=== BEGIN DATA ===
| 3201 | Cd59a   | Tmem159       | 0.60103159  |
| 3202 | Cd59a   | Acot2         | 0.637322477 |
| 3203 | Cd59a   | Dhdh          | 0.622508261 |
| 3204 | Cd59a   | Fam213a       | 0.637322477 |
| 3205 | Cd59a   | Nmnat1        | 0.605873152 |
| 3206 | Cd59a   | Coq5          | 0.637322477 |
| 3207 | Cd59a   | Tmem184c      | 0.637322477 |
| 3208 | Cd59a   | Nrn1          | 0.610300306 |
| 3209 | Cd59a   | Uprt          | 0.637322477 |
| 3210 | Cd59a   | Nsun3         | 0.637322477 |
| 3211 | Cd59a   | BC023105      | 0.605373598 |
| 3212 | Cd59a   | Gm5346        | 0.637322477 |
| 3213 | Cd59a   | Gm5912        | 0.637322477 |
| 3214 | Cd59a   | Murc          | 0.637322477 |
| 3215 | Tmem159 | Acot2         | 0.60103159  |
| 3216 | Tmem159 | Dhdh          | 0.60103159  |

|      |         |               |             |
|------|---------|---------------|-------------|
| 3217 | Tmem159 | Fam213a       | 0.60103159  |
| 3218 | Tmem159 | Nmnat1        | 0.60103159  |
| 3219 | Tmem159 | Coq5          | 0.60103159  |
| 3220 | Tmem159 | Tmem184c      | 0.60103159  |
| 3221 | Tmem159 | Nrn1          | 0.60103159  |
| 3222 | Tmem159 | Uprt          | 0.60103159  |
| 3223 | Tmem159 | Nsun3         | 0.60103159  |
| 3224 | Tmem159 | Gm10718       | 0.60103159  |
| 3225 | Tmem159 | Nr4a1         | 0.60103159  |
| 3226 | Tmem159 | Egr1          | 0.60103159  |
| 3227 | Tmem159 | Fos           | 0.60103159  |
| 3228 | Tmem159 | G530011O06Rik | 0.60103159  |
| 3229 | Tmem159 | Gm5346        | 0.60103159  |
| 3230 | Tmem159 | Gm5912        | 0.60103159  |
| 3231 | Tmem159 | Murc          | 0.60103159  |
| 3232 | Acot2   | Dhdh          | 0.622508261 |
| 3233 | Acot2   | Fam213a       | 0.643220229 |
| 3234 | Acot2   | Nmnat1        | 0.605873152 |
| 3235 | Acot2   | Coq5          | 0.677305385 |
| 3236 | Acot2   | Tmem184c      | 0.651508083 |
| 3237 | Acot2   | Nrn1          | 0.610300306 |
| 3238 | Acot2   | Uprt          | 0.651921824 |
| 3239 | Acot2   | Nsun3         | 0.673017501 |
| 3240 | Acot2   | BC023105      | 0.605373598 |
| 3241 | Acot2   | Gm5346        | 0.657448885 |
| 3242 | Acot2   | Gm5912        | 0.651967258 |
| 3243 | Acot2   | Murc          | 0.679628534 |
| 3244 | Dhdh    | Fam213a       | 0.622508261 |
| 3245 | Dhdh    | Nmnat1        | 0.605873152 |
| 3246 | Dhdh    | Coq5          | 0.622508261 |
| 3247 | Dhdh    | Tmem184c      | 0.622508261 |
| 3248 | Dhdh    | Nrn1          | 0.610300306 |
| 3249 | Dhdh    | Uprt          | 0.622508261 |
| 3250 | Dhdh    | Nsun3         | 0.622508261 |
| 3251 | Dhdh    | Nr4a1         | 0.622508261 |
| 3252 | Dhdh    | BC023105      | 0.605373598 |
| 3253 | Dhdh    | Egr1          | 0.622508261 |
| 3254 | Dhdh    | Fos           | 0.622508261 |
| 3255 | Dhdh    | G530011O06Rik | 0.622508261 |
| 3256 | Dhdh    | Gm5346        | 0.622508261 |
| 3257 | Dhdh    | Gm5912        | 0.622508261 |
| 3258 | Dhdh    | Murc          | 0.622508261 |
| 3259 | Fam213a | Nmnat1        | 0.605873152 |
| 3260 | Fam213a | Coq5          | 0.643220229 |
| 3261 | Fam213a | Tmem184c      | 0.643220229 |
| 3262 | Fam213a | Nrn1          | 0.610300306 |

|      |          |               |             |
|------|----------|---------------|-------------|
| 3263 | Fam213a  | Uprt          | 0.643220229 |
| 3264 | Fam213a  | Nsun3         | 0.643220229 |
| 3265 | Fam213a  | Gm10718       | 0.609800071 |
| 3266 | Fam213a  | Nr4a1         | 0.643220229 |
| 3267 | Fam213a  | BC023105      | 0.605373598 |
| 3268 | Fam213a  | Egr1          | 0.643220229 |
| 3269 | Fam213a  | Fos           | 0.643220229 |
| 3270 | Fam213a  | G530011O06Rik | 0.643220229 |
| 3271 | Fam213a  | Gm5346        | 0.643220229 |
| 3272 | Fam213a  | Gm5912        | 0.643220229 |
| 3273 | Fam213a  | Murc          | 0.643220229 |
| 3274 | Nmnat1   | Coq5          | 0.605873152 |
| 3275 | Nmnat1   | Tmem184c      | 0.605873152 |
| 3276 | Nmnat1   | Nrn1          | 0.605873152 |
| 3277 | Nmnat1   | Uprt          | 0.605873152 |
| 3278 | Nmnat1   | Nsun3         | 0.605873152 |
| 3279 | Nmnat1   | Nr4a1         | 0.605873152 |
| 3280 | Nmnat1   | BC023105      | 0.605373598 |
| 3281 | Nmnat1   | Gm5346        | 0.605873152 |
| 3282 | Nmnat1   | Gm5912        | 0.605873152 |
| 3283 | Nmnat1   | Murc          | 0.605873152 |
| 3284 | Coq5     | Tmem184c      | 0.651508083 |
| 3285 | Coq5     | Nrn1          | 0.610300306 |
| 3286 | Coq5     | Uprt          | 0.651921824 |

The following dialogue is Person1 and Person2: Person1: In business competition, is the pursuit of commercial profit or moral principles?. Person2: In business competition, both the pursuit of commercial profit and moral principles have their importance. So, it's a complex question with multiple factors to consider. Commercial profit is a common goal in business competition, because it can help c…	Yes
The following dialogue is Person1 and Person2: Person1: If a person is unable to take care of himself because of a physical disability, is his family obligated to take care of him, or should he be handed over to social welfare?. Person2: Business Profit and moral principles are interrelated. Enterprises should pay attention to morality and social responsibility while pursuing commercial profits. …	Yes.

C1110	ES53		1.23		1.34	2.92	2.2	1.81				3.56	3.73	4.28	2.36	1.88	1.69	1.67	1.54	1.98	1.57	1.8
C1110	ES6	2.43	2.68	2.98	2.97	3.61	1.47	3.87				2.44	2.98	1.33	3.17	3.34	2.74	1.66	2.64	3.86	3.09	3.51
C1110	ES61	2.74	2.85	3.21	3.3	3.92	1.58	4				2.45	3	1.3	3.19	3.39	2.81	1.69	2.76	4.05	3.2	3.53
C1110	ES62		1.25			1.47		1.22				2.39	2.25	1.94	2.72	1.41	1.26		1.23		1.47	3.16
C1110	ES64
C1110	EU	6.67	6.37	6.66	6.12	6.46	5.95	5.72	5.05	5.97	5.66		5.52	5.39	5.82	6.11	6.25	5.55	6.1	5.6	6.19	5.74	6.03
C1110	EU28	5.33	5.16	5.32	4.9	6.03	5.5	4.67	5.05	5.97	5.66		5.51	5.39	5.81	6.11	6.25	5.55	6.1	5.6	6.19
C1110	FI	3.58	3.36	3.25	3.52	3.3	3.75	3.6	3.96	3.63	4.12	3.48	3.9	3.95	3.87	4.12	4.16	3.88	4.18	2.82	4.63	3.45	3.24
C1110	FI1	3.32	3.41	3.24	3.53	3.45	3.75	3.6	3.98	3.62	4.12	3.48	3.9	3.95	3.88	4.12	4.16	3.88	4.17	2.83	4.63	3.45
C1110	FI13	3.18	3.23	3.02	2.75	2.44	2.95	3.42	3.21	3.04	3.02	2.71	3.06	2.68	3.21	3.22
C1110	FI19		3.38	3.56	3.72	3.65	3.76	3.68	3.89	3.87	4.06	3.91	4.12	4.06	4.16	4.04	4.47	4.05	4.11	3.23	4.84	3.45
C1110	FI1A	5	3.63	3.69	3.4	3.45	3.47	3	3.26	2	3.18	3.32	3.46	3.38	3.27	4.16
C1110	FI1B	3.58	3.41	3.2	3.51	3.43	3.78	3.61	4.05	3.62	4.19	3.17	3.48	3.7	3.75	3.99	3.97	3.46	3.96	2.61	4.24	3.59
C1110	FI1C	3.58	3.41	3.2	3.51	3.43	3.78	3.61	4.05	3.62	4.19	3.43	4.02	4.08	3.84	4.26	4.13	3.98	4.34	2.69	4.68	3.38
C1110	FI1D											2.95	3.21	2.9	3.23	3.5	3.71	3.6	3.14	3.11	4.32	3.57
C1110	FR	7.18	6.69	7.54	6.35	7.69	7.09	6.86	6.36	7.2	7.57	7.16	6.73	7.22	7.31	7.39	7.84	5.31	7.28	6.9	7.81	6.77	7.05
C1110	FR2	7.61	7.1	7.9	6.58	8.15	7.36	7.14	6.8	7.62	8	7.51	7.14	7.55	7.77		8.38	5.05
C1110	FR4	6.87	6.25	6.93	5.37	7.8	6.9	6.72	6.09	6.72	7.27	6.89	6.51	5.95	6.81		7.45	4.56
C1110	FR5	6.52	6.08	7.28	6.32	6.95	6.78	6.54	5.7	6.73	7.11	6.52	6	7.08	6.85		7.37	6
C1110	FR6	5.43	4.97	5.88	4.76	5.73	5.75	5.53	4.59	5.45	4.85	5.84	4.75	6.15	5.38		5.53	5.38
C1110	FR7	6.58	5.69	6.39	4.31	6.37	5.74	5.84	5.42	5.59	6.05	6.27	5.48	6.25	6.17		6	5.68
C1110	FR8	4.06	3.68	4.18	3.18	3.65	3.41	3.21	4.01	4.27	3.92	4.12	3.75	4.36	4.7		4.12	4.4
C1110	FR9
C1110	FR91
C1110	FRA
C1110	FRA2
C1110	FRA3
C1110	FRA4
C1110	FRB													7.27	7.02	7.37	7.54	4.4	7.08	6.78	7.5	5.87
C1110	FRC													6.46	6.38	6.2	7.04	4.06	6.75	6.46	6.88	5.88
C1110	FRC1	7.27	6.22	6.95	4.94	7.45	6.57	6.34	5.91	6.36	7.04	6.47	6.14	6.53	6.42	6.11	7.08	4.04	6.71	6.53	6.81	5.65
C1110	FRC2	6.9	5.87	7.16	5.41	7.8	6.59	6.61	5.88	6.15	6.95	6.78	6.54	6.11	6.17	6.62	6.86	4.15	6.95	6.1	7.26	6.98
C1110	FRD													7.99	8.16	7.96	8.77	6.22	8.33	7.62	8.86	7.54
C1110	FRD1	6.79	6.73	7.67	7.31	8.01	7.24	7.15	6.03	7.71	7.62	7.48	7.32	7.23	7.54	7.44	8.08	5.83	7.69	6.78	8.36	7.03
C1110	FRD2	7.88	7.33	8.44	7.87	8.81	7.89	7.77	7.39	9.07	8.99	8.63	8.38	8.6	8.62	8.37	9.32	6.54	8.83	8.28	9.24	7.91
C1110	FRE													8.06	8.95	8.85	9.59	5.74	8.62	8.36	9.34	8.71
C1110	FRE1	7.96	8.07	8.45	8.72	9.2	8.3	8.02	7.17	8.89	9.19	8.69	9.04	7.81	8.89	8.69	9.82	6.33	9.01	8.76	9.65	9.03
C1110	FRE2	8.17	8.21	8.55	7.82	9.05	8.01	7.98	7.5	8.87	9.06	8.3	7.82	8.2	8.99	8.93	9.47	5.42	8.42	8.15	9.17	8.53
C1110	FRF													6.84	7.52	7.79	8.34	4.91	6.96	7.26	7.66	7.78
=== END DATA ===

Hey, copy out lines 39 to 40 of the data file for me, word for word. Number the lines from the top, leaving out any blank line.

| 3237 | Acot2   | Nrn1          | 0.610300306 |
| 3238 | Acot2   | Uprt          | 0.651921824 |